And for every college or professional coach who splits a gut to rankle a ref, there are dozens of their high school counterparts who interpret such habits as being part of the job.
Don’t expect to see that sort of behavior on the Lyman Hall girls bench. Tom Lipka, thoroughly enjoying his 11th year on the job, may resemble Syracuse coach Jim Boeheim physically, but not in temperament. His tone is soft and his message is direct.
“He’s a consummate professional,” said Jim Ferraro, Lipka’s baseball coach at Lyman Hall and longtime Housatonic Division rival while coaching Cheshire girls basketball. “He’s very analytical, not as animated as others. He was a great student in high school and college, and it boiled over from the classroom into his coaching.
“He’s a great teacher of the game, and that’s lost in high school basketball these days,” Ferraro added. “You can watch Tom’s team and it’s fundamentally sound. That’s teaching. It’s boring, but it makes you successful.”
Three-year starter Nicole Mierzejewski, the versatile center and leading scorer in the Trojans’ balanced attack, said Lipka doesn’t have to scream to get his points across.
“He’s very quiet, but he definitely knows what he’s talking about,” Mierzejewski said. “He got us this far and we wouldn’t be the team we are without him. He taught us to work together. We didn’t do well sophomore year and that’s why we’re a lot better. He pushes you to do your hardest.
“He gives constructive criticism. He’ll tell you when you’re not doing the right thing so you’ve got to change because he doesn’t normally criticize us.”
Lipka is 117-121 going into tonight’s Class L quarterfinal clash at Farmington. The numbers mean little.
Lyman Hall lost all 20 of its games in the 2011-12 season. Two years later, with the starting lineup virtually the same, the Trojans have won their most games in a season since 1997-98. They haven’t advanced this far in the state tournament since 1992-93.
The achievement speaks to the coach’s patient nature and the perseverance of this year’s protagonists — Mierzejewski, her twin sister Taylor, Krista Petersen, Naomi Rascati and Kim Petit.
“When he was 0-20 he said they’d be good because he was playing the young kids,” Ferraro said. “He had that foresight. It’s a rare feature in a coach to take his lumps and see into the future. Some coaches would rather leave, but coaching’s about nurturing, growing and teaching. He probably did as good a coaching job that year as this year because he kept the program together.
“Not a lot of good comes out of 0-20, but he got a lot of good out of it. He kept the unity and this is his reward. He has a great bunch of young ladies.”
A closer look at the winless campaign of 2011-12 reveals that the Trojans were not as inept as the record suggests.
“I don’t think of them as an 0-20 team,” Lipka said. “We played a brutal schedule — Mercy, Hillhouse and Career twice each, mostly ‘LL’ schools. The schedule was based on the two previous years and we had good years.
“It was a fun group to be around. They were very positive and they loved to play.”
After a 12-9 turnaround last season, the pressure was on Lipka and the girls to have a big year.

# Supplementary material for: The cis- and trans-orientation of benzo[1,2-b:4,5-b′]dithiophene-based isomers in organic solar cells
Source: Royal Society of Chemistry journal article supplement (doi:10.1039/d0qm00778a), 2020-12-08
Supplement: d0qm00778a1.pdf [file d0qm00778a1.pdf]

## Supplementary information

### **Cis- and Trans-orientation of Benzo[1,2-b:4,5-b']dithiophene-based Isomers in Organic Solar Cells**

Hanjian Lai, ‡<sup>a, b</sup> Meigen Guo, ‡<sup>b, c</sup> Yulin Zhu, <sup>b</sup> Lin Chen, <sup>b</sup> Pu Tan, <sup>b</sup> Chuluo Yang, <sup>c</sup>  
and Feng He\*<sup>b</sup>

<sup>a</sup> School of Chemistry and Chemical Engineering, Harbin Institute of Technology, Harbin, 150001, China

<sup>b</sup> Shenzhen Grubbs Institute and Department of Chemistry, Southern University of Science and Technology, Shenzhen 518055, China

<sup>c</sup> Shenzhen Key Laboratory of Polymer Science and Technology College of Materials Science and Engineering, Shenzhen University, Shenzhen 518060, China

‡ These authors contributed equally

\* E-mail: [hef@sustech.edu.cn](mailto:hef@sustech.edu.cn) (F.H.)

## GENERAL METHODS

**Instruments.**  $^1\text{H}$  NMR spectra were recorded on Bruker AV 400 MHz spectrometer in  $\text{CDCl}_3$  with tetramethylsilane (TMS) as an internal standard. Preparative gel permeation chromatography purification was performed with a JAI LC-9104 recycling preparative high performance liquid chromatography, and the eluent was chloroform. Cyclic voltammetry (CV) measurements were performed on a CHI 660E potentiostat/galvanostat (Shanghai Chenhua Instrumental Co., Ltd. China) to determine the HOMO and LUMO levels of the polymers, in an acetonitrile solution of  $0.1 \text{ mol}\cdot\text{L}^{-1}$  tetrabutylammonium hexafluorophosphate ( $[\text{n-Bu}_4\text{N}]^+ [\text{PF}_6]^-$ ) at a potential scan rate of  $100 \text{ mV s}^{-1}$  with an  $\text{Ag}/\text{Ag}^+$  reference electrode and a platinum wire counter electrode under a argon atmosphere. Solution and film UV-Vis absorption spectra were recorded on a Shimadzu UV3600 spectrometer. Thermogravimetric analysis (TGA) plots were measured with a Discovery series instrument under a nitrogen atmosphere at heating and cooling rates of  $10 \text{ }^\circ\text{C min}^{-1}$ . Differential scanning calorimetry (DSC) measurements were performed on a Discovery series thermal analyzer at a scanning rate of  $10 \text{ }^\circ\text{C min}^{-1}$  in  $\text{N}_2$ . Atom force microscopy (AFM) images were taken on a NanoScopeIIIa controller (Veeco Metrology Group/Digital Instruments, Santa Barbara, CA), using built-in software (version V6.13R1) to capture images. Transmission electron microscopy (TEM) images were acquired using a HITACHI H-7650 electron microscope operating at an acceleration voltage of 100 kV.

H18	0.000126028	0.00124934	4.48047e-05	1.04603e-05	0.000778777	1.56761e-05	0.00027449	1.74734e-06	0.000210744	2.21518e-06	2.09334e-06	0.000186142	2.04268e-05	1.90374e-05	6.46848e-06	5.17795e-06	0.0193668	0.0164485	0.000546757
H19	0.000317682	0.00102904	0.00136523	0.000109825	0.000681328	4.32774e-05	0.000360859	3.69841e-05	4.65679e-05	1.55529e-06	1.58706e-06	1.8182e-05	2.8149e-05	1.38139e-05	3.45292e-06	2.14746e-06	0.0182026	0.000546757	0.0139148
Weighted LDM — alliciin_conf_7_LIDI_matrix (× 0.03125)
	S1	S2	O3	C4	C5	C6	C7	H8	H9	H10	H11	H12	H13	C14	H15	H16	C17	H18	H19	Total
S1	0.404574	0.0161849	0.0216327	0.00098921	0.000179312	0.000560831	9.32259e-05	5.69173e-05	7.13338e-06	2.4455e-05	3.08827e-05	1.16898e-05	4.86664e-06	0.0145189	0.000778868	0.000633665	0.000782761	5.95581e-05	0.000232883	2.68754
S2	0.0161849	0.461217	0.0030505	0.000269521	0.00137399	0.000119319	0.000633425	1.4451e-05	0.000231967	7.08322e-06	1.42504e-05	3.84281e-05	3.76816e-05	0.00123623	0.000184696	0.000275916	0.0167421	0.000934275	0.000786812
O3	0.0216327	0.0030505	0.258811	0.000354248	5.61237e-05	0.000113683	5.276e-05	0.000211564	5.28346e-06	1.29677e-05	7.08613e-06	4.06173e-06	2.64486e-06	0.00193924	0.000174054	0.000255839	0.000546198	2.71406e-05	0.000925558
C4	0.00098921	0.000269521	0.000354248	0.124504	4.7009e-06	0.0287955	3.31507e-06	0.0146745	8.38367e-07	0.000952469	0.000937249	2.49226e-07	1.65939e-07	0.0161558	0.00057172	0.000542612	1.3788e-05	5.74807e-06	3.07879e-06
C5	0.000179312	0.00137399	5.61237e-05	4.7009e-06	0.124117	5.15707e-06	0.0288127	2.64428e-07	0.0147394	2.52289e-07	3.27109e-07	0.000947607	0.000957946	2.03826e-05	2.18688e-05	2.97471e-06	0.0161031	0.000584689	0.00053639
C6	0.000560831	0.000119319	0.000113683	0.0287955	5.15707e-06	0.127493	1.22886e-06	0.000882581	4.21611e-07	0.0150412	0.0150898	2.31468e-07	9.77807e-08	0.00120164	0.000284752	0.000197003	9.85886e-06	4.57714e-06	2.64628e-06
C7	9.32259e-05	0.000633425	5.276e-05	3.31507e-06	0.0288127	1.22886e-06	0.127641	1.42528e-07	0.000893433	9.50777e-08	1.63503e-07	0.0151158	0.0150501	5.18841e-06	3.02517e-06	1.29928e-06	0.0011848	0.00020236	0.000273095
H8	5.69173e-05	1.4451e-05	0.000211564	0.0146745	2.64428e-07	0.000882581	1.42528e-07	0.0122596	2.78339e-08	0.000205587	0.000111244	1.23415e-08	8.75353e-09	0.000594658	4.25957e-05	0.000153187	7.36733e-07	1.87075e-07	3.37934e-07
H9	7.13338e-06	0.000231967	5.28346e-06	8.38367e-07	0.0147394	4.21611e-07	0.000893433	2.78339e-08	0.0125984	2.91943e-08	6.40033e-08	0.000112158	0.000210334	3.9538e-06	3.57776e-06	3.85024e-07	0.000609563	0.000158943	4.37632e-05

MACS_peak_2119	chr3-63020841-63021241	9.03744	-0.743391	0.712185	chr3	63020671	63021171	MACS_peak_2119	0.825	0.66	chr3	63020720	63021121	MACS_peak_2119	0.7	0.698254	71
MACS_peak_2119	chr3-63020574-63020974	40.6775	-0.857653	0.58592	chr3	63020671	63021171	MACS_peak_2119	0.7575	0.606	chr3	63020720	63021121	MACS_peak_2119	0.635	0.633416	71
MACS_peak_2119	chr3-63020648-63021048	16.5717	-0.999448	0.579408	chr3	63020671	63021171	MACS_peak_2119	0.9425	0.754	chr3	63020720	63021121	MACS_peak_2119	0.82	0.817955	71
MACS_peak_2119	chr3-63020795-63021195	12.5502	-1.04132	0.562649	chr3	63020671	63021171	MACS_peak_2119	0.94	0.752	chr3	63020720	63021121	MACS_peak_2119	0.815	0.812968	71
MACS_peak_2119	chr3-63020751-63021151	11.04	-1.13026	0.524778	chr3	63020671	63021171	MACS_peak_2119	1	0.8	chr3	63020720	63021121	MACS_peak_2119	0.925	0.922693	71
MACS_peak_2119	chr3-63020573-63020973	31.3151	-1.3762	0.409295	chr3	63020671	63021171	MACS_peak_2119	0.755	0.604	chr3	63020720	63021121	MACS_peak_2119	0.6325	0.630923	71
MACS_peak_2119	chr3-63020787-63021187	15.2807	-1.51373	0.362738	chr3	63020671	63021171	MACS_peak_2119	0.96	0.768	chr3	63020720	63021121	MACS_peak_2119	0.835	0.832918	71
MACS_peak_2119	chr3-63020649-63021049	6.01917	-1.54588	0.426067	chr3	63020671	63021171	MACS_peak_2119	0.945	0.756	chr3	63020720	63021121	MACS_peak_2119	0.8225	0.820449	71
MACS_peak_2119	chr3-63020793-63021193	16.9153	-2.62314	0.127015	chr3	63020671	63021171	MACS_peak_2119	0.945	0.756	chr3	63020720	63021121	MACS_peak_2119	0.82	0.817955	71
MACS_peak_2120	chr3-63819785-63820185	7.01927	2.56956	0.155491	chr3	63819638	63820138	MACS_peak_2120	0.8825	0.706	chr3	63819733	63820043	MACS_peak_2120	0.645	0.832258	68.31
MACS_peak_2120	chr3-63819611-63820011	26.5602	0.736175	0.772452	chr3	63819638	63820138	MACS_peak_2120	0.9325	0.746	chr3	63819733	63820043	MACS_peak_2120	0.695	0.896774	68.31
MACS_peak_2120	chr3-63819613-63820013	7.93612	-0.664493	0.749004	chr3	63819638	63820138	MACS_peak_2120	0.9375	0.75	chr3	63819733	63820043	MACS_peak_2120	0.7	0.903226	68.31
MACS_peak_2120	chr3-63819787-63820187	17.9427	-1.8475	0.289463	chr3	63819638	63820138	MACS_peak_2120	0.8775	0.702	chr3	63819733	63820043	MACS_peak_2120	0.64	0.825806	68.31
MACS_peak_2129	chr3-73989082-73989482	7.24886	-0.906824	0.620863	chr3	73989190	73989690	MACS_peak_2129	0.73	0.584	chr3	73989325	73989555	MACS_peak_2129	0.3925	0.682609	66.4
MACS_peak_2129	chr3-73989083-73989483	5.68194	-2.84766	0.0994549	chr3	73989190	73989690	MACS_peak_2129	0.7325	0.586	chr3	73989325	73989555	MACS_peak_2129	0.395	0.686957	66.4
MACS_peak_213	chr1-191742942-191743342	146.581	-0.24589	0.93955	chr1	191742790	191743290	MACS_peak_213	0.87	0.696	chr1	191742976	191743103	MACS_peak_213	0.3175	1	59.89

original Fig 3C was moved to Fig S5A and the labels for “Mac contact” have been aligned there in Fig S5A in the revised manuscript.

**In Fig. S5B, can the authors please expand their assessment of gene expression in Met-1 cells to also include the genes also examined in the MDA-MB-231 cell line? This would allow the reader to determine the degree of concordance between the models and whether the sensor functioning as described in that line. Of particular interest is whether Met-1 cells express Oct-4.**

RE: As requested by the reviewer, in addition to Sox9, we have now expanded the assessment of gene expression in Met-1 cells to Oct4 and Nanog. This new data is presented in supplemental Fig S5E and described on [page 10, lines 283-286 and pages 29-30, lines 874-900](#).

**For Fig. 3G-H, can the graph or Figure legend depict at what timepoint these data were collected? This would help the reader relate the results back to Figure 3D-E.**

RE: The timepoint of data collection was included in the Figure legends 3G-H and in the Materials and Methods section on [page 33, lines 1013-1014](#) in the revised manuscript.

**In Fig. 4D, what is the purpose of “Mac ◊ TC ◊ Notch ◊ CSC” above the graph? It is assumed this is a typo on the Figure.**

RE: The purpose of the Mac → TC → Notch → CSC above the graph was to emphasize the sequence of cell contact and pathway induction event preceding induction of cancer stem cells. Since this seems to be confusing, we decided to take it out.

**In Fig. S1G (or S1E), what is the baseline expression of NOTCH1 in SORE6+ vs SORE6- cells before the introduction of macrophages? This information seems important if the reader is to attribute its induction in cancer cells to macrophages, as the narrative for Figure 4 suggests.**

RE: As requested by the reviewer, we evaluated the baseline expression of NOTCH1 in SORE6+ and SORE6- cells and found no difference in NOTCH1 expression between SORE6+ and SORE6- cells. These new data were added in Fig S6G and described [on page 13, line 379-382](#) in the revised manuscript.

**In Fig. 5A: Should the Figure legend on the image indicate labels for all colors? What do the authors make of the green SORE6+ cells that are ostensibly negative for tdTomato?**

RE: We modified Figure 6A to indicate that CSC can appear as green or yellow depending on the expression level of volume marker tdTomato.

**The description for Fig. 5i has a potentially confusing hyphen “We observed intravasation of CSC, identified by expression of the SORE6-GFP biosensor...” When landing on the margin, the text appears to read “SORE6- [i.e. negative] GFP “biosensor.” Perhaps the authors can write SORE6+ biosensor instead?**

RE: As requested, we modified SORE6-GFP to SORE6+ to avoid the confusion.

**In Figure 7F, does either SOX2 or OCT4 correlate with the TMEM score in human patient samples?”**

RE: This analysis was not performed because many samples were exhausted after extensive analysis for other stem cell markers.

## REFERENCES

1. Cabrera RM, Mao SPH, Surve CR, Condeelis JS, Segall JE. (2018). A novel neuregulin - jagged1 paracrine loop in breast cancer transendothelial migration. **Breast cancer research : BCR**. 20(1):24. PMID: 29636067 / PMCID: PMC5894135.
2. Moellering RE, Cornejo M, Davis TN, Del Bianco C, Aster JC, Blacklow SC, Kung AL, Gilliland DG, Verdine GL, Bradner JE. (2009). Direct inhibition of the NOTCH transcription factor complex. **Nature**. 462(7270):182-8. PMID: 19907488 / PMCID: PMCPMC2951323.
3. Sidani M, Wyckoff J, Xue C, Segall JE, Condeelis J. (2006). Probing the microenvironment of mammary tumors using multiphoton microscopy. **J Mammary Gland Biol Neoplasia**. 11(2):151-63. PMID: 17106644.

“This is the year we’ve been working toward for the last two years,” Nicole Mierzejewski said. “We knew we had the potential. The same starting five we have now played on that 0-20 team, so we’ve worked together for three years. We basically know each other’s strengths and weaknesses.”
Lipka also confronted a challenge far greater than anything basketball could spawn.
“Ten years ago — January, 2004 — one morning I woke up and I couldn’t talk,” he said. “I thought I had laryngitis but, after a week, it didn’t get better. The doctor said I probably had a real bad case.
“Another week went by and it still wasn’t better. I had a CAT scan and they found a tumor pressing against my vocal cord.”
It was a germ cell tumor, the type known to afflict men between 20- and 30-years-old. He underwent three months of “very intense” chemotherapy and in three months it was gone.
“It took until mid-summer before I started getting my voice back,” said Lipka, who took a year off from teaching mathematics. “Every three months, I took a test and now it’s just once a year. It’s a good thing I lost my voice.”
Unlike so many of his coaching colleagues, he doesn’t need throat lozenges after games.
“I’m not a screamer,” he said. “Girls are sensitive. Some don’t react to people screaming at them. I may have something to say during a timeout or halftime, but I don’t scream at them. I don’t try to embarrass kids. We try to stay positive. They do their best and try hard, but mistakes happen.”
Adversity provides a good foundation for those who can put it into perspective, and nobody knows how well Lipka has processed his experiences better than Ferraro does.
“To me, he’s still that 18-year-old kid, the most polite and respectful you’d ever want to meet,” he said. “When I was at Cheshire, the first Housatonic championship we had won came against Lyman Hall in ’05-06. I couldn’t even enjoy it because Tommy was on the other sideline.”
And, win or lose, Lipka never loses sight of scholastic sports’ main purpose, something that a longtime coach like Ferraro can well appreciate.
“It’s refreshing how he’s raised that program,” Ferraro said. “You can look in the mirror and pat yourself on the back, but Tommy doesn’t need self-gratification. It’s all about the kids.”